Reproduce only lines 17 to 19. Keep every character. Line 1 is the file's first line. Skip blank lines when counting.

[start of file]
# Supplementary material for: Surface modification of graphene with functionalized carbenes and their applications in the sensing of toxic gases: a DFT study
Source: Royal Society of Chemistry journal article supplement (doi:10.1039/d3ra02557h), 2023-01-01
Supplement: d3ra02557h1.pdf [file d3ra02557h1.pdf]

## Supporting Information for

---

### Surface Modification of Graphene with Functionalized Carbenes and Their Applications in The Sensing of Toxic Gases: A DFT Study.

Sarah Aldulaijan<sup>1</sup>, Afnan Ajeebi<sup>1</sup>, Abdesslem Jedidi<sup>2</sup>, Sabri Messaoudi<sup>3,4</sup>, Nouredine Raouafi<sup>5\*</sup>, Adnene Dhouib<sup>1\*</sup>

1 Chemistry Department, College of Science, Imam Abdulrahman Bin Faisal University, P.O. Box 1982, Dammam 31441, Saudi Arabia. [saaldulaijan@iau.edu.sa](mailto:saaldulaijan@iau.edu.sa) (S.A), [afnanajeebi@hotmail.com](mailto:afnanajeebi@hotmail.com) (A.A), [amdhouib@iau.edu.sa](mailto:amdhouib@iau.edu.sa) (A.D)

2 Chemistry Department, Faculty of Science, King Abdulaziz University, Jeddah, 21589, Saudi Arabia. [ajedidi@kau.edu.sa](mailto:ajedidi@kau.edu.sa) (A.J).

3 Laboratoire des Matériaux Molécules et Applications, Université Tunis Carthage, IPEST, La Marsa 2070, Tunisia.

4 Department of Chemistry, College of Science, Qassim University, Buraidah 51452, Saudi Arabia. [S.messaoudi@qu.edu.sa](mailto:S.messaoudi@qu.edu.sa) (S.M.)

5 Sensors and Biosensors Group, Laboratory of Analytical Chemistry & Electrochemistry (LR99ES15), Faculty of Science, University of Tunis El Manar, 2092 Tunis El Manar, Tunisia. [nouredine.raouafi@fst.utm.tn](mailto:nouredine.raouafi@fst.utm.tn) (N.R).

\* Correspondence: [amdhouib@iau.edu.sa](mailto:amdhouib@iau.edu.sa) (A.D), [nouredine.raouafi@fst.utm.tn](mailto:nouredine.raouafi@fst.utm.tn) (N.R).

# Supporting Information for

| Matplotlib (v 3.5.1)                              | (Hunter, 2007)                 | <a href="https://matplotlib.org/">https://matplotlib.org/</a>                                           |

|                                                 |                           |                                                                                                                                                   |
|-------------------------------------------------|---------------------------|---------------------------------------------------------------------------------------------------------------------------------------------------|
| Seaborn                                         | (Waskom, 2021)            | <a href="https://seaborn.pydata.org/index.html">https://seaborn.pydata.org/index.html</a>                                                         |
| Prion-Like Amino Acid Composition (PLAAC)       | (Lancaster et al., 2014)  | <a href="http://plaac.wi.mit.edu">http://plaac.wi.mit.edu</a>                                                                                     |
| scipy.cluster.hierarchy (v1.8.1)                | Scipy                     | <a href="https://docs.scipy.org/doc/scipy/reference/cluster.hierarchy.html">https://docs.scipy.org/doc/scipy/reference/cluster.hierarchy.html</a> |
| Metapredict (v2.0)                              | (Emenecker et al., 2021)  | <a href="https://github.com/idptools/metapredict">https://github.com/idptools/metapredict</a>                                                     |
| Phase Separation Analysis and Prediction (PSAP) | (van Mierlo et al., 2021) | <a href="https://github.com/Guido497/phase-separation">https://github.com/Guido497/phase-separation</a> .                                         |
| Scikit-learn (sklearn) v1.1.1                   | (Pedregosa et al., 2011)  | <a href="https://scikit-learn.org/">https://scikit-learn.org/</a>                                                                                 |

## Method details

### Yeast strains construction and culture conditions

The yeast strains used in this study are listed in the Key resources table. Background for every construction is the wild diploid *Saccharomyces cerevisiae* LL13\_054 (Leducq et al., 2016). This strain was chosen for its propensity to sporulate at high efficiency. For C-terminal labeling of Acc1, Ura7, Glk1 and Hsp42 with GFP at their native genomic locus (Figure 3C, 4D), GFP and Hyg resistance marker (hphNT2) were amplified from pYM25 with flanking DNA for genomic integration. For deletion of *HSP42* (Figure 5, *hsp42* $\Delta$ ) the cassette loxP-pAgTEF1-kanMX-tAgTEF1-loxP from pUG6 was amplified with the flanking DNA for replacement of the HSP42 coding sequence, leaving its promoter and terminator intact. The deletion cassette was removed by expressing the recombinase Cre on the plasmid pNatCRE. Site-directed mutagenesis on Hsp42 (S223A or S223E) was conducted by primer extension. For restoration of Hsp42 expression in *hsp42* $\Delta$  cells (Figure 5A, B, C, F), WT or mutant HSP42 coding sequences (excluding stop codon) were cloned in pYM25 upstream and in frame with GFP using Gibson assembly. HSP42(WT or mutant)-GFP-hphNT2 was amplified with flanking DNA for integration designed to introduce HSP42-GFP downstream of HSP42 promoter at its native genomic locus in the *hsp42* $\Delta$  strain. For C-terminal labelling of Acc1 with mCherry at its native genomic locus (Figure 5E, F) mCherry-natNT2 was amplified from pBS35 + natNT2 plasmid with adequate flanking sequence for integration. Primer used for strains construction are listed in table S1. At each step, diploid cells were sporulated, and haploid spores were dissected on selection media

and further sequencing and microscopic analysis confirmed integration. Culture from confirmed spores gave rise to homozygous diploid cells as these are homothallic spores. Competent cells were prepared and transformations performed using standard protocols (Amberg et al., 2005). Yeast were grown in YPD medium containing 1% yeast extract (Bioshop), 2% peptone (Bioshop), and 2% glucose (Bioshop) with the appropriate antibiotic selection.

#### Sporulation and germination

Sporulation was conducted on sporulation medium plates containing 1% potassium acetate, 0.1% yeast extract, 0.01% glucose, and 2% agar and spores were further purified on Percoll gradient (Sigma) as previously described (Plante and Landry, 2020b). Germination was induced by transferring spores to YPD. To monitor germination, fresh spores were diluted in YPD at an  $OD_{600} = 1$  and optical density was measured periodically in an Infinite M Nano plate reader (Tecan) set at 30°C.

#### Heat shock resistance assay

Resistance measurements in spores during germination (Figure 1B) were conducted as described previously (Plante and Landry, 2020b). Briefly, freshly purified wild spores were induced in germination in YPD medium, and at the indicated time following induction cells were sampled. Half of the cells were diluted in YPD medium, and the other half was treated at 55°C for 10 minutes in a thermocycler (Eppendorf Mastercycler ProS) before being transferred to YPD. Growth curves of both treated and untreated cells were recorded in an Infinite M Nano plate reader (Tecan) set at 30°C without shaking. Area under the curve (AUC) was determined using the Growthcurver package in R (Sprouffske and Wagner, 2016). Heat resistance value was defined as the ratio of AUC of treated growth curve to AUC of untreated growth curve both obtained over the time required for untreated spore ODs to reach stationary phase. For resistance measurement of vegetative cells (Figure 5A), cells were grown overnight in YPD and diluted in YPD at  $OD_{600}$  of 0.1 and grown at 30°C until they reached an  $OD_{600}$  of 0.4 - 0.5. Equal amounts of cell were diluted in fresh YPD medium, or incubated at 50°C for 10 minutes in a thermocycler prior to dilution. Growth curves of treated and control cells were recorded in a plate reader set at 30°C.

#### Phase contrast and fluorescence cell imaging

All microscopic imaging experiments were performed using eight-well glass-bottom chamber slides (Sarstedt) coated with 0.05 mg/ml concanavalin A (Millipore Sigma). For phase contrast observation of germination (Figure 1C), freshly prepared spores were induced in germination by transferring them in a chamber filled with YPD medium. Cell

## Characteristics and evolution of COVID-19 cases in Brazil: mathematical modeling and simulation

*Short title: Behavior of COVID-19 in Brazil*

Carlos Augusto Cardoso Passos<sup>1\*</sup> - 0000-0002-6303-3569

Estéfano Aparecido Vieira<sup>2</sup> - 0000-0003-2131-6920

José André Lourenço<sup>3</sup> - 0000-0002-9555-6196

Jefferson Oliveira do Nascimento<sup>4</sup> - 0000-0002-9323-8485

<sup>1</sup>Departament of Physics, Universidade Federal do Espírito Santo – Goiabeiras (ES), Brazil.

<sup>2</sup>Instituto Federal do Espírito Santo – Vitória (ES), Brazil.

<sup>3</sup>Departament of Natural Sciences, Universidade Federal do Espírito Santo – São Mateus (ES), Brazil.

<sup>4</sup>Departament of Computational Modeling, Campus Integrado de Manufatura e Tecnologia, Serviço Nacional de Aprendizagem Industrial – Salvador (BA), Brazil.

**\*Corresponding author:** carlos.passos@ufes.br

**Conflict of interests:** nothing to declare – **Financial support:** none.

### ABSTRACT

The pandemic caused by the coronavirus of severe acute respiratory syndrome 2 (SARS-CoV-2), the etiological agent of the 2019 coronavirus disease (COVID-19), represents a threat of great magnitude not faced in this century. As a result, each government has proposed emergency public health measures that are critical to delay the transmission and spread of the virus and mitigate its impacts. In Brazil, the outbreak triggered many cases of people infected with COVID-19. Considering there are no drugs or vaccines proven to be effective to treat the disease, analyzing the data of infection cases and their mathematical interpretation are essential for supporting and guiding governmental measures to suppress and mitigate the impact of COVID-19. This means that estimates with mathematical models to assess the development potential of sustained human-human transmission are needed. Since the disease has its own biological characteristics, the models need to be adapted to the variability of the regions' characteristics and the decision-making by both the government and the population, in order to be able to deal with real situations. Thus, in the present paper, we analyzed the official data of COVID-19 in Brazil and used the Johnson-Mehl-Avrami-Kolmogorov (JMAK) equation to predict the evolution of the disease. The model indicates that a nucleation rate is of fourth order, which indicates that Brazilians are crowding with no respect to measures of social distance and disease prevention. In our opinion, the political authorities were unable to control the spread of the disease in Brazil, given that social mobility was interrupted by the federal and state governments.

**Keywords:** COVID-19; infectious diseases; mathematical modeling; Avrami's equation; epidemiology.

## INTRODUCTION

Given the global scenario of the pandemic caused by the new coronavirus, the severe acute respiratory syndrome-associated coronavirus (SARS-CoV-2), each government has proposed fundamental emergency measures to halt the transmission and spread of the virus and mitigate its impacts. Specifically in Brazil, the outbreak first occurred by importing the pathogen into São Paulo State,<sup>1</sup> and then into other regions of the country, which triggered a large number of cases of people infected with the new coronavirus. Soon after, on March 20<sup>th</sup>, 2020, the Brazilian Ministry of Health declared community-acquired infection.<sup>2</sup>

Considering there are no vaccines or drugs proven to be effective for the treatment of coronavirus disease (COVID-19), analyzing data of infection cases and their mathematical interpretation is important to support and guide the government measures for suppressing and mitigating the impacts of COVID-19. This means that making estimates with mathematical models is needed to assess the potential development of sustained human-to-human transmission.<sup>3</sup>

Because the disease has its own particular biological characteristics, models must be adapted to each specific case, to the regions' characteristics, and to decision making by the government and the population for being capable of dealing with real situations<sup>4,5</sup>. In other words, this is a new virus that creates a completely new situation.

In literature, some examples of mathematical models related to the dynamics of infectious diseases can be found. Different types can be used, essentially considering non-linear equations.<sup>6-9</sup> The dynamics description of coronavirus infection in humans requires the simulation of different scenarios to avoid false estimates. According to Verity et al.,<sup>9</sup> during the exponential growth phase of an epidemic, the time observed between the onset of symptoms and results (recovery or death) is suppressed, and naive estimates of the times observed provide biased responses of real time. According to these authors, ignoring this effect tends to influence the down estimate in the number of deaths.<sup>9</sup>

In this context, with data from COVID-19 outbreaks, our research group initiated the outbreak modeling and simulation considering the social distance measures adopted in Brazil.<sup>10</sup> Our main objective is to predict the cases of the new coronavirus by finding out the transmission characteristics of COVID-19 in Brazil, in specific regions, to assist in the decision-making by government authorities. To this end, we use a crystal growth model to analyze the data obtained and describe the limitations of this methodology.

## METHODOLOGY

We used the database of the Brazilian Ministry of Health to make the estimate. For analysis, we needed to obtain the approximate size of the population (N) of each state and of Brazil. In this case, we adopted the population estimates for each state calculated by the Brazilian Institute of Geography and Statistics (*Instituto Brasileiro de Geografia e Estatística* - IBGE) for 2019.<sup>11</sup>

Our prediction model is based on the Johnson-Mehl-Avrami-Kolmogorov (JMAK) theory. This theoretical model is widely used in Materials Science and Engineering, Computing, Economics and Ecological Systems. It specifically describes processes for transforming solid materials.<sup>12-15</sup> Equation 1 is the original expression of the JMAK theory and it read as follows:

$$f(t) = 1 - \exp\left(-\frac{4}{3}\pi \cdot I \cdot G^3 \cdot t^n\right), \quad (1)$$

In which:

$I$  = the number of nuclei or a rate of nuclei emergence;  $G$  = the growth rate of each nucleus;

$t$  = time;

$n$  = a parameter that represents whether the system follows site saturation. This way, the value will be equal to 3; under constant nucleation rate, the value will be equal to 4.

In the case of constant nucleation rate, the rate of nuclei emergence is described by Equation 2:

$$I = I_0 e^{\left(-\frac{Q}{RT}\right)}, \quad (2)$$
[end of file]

|-------------------------------------------------|---------------------------|---------------------------------------------------------------------------------------------------------------------------------------------------|
| Seaborn                                         | (Waskom, 2021)            | <a href="https://seaborn.pydata.org/index.html">https://seaborn.pydata.org/index.html</a>                                                         |
| Prion-Like Amino Acid Composition (PLAAC)       | (Lancaster et al., 2014)  | <a href="http://plaac.wi.mit.edu">http://plaac.wi.mit.edu</a>                                                                                     |